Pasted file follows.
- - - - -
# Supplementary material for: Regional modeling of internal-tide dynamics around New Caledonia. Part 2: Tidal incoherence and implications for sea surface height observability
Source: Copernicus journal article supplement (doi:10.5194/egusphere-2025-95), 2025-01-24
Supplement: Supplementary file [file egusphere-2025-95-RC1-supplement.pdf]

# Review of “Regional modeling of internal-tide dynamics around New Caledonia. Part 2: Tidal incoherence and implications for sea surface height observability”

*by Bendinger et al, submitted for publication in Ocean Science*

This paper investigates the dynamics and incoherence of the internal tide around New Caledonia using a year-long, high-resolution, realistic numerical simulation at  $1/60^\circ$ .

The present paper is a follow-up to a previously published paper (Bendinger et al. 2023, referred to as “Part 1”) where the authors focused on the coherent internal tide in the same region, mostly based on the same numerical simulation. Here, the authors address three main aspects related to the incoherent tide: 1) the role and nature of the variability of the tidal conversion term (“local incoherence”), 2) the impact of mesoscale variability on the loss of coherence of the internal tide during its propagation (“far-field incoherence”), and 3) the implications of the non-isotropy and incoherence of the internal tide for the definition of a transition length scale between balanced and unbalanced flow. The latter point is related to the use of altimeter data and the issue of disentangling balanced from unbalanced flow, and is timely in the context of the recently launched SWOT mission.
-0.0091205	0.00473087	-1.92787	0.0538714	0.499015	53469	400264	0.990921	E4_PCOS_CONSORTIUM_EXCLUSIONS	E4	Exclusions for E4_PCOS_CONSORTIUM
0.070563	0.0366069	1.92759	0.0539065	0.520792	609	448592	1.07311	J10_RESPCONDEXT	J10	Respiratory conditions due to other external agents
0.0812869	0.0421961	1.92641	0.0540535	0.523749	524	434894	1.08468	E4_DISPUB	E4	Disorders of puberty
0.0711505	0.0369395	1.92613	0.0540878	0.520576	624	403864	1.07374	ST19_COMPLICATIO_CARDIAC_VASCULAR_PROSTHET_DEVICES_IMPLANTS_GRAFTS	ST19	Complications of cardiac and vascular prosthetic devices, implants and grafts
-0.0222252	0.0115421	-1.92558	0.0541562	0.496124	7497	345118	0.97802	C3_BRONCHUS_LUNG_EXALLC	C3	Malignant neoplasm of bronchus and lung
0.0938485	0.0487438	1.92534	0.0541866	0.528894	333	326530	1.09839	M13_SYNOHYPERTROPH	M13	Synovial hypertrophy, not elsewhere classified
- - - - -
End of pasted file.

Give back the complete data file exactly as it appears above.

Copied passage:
# Supplementary material for: Regional modeling of internal-tide dynamics around New Caledonia. Part 2: Tidal incoherence and implications for sea surface height observability
Source: Copernicus journal article supplement (doi:10.5194/egusphere-2025-95), 2025-01-24
Supplement: Supplementary file [file egusphere-2025-95-RC1-supplement.pdf]

# Review of “Regional modeling of internal-tide dynamics around New Caledonia. Part 2: Tidal incoherence and implications for sea surface height observability”

*by Bendinger et al, submitted for publication in Ocean Science*

This paper investigates the dynamics and incoherence of the internal tide around New Caledonia using a year-long, high-resolution, realistic numerical simulation at  $1/60^\circ$ .

The present paper is a follow-up to a previously published paper (Bendinger et al. 2023, referred to as “Part 1”) where the authors focused on the coherent internal tide in the same region, mostly based on the same numerical simulation. Here, the authors address three main aspects related to the incoherent tide: 1) the role and nature of the variability of the tidal conversion term (“local incoherence”), 2) the impact of mesoscale variability on the loss of coherence of the internal tide during its propagation (“far-field incoherence”), and 3) the implications of the non-isotropy and incoherence of the internal tide for the definition of a transition length scale between balanced and unbalanced flow. The latter point is related to the use of altimeter data and the issue of disentangling balanced from unbalanced flow, and is timely in the context of the recently launched SWOT mission.
-0.0091205	0.00473087	-1.92787	0.0538714	0.499015	53469	400264	0.990921	E4_PCOS_CONSORTIUM_EXCLUSIONS	E4	Exclusions for E4_PCOS_CONSORTIUM
0.070563	0.0366069	1.92759	0.0539065	0.520792	609	448592	1.07311	J10_RESPCONDEXT	J10	Respiratory conditions due to other external agents
0.0812869	0.0421961	1.92641	0.0540535	0.523749	524	434894	1.08468	E4_DISPUB	E4	Disorders of puberty
0.0711505	0.0369395	1.92613	0.0540878	0.520576	624	403864	1.07374	ST19_COMPLICATIO_CARDIAC_VASCULAR_PROSTHET_DEVICES_IMPLANTS_GRAFTS	ST19	Complications of cardiac and vascular prosthetic devices, implants and grafts
-0.0222252	0.0115421	-1.92558	0.0541562	0.496124	7497	345118	0.97802	C3_BRONCHUS_LUNG_EXALLC	C3	Malignant neoplasm of bronchus and lung
0.0938485	0.0487438	1.92534	0.0541866	0.528894	333	326530	1.09839	M13_SYNOHYPERTROPH	M13	Synovial hypertrophy, not elsewhere classified